Personal note on "Exploring a future of programming"

The other post was way too long already (over 9k words!), and it had a kind of serious vibe, so I decided to write some stuff more personally in this post. This is about Exploring a future of programming.

It is kinda obvious that I’m trying to do something essentially impossible for a single person to accomplish. I don’t feel like this is an obstacle, because I view all those things as a vision rather than something that I set to definitely build. As I said, I have no real idea what I’m doing, but I know the direction I want to go.

It may be that I end up actually building some of those things as I described, but it could also be that I discover different paths to take. The truth is that this is probably the thing I’ve thought the most about over my whole life (I started having some thoughts about this over a decade ago, when I was still in university). I found an opportunity to start working on it, and decided to take it.

It is painful to feel the naivety part of this thing every day. I keep asking myself if I’m really doing something useful, or if what I’m doing is smart. I second-guess myself almost the whole time. When it gets bad enough, I go full existential crisis mode and wonder what the hell I’m doing with my life. It doesn’t help that on top of exploring different ideas about programming, I also have sometimes wildly different views on how to take a project like this to market, and how to run the company I started for this.

I quit my big tech job almost 3 years ago, went on a few adventures, and ended up here, working on this project. And it’s the most serious I’ve probably been in my whole life. I’m living off my savings, and I can’t help but feel that I’ve wasted an opportunity to grow a good career in big tech. I have friends who stayed there and are doing wonderfully nowadays.

Back when I joined Amazon, during their brainwashingorientation videos, there was a video from Jeff Bezos talking about why he started Amazon. I think that’s probably the best thing I ever learned while at Amazon. It’s a short video, go watch it.

This regret minimisation framework is what prompted me to quit my job in the first place and go do other things. And it’s something that I ask myself every couple weeks again and again, and ever since I started working on this project, the answer has always been the same: I think I’ll deeply regret not having tried to push it forward. And so I keep working on it.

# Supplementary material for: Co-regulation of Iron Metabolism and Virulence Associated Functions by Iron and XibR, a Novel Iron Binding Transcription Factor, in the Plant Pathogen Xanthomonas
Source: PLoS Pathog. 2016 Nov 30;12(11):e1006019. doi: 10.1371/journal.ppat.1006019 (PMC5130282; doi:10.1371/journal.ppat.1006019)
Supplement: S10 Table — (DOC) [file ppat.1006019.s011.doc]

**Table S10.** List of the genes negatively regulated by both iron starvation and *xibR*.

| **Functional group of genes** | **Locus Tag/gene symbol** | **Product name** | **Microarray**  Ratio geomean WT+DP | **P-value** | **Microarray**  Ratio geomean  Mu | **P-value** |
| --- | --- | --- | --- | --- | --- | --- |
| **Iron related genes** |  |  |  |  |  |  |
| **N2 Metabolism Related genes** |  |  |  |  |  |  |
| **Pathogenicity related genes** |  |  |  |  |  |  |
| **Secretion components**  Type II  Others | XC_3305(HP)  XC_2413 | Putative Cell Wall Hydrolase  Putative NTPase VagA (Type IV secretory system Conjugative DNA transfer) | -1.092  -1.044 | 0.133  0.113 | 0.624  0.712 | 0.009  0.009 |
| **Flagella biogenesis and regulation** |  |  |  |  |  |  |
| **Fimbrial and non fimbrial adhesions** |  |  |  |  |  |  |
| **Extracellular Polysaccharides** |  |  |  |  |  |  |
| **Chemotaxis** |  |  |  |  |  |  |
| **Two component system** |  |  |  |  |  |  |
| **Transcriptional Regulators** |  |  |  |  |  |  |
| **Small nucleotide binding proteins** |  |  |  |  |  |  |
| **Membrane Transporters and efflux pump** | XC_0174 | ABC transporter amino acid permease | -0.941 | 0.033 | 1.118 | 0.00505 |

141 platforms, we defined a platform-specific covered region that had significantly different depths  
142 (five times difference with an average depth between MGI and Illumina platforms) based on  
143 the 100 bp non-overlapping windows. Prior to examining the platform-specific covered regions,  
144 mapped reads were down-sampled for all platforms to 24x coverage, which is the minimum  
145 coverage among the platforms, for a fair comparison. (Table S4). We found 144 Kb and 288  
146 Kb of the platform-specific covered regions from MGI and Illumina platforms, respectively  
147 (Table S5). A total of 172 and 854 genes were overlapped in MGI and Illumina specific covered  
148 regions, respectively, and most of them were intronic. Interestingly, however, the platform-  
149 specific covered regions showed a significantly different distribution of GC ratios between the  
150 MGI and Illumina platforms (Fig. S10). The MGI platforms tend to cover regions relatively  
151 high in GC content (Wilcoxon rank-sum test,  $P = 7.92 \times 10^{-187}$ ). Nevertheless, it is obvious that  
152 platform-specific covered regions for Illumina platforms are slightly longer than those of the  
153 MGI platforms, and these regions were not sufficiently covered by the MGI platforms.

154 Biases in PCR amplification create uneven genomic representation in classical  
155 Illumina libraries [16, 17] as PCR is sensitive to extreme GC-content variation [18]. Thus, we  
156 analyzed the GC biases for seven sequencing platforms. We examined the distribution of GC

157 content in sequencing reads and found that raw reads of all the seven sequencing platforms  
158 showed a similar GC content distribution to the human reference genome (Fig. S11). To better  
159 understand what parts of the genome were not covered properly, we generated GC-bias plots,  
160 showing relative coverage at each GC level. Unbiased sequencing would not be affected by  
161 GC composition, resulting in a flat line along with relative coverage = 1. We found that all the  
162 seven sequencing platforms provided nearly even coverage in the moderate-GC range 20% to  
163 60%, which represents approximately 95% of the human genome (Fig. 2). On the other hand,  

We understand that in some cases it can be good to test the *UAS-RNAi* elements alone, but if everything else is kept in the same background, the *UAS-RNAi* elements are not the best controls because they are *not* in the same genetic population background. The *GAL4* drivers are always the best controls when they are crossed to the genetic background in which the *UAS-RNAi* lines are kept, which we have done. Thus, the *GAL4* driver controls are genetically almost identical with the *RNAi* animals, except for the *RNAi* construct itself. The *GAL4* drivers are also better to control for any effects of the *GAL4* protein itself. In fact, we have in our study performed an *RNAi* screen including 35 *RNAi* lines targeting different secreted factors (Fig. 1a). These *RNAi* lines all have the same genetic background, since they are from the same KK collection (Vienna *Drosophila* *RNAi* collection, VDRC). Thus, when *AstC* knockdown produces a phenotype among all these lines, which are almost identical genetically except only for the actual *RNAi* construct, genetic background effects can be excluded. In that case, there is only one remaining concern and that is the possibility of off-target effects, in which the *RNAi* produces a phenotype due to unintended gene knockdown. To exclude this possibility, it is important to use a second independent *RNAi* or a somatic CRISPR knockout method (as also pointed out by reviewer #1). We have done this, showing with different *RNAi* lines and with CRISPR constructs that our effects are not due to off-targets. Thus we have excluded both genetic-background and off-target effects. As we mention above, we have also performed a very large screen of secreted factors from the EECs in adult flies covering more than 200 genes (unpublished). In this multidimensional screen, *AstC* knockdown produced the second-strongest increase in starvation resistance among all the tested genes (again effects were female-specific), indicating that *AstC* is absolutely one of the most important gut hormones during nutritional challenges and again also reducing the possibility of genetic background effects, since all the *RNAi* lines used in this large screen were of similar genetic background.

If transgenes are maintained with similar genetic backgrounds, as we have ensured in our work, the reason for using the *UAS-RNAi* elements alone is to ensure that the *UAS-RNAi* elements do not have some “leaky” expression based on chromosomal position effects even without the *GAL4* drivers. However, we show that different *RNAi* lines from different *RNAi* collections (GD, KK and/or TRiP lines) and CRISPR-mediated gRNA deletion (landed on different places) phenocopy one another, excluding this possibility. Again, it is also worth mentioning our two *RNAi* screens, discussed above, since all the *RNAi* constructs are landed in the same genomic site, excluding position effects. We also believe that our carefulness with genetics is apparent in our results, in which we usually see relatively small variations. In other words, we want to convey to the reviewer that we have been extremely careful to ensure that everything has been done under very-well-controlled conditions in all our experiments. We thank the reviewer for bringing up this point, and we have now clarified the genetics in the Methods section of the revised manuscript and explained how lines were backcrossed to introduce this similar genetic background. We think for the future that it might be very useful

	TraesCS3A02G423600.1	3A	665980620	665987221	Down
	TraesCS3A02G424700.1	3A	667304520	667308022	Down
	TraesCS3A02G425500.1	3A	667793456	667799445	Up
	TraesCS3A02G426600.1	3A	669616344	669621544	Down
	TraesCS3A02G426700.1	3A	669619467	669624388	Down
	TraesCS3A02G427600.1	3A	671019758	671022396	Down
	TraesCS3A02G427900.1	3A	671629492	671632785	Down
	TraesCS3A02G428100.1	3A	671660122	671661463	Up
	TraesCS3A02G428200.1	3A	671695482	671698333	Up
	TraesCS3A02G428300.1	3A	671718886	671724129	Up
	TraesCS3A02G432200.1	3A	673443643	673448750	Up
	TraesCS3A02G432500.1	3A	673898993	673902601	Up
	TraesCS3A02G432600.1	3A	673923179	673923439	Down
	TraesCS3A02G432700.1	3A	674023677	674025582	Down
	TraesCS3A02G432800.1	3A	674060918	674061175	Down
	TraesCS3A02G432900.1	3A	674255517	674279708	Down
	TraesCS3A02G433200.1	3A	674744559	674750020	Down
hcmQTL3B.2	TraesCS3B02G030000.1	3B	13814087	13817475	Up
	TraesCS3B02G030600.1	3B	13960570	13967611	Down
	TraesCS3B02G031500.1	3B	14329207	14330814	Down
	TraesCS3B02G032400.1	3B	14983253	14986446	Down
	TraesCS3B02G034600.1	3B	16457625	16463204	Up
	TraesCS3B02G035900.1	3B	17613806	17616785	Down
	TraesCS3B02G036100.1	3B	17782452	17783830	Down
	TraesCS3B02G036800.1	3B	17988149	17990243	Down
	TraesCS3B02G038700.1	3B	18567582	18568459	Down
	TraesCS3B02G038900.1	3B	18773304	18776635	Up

In fact, I came up with yet another framework (which I have no idea what to name, so whatever) that helps me gauge how serious I am about this. I ask myself if I’d be happy trading my own life in exchange for creating a world in which my project is fully realised, just like in the vision I have for it. There were only two projects I ever said I’d be happy with this, and this one is definitely the strongest of them. Fuck yes, if it means giving the world a different way of programming that I think is much better, I’m out. I’ll see y’all on the other side.

Even with all of this reinforcement, some days are still hard to live. It’s an insane amount of pressure to find something that works, because my savings won’t last forever. I wish I were financially independent and could just life off dividends or whatever. In a way, this is good because it’s probably the best motivation for me to focus on the things that matter, but obviously it also sucks that it comes with this enormous pressure to make things work.

It’s a thin line between being a fool and just looking like one, but a few things make me think I really just look like a fool. In every job I’ve had, I impressed just about everyone with how technically competent I was/am. I’ve interacted with many people on technical matters, and the amount of public and private praise I’ve received is the kind of external validation that helps me a lot.

I also am the kind of person who’s not satisfied until I find the root of things. I love investigating things and looking for root causes. I love learning and understanding the root concepts on which something is based on. I don’t like to settle for just accepting things as true, I enjoy digging to understand exactly what makes them true.

I’ve read and analysed a lot of things related to tech startups, tech products, company management, and other related topics. I’ve read relatively old books that are praised by a lot of people and I was able to see where all the popular startup advice lines started. I understand the context in which those things were true, which is something conveniently hidden by the advice (the context is just way too long and people like to take advice in small sentences that feel impactful). I think I grasp the dynamics that made those things become true, and I think I know how they apply to what I’m doing.

There are a few other things that I won’t mention because this is reading too much like an ego boosting session, so I’ll stop now. But I am convinced that I have a good shot at making this project work. Obviously there’ll still be a lot of luck involved, but I’m doing my best to craft a large surface area for opportunities so that I can benefit from any luck that I encounter along the way.

And so I keep working on it. I’m sure that no matter what happens, I’ll at least be proud that I tried.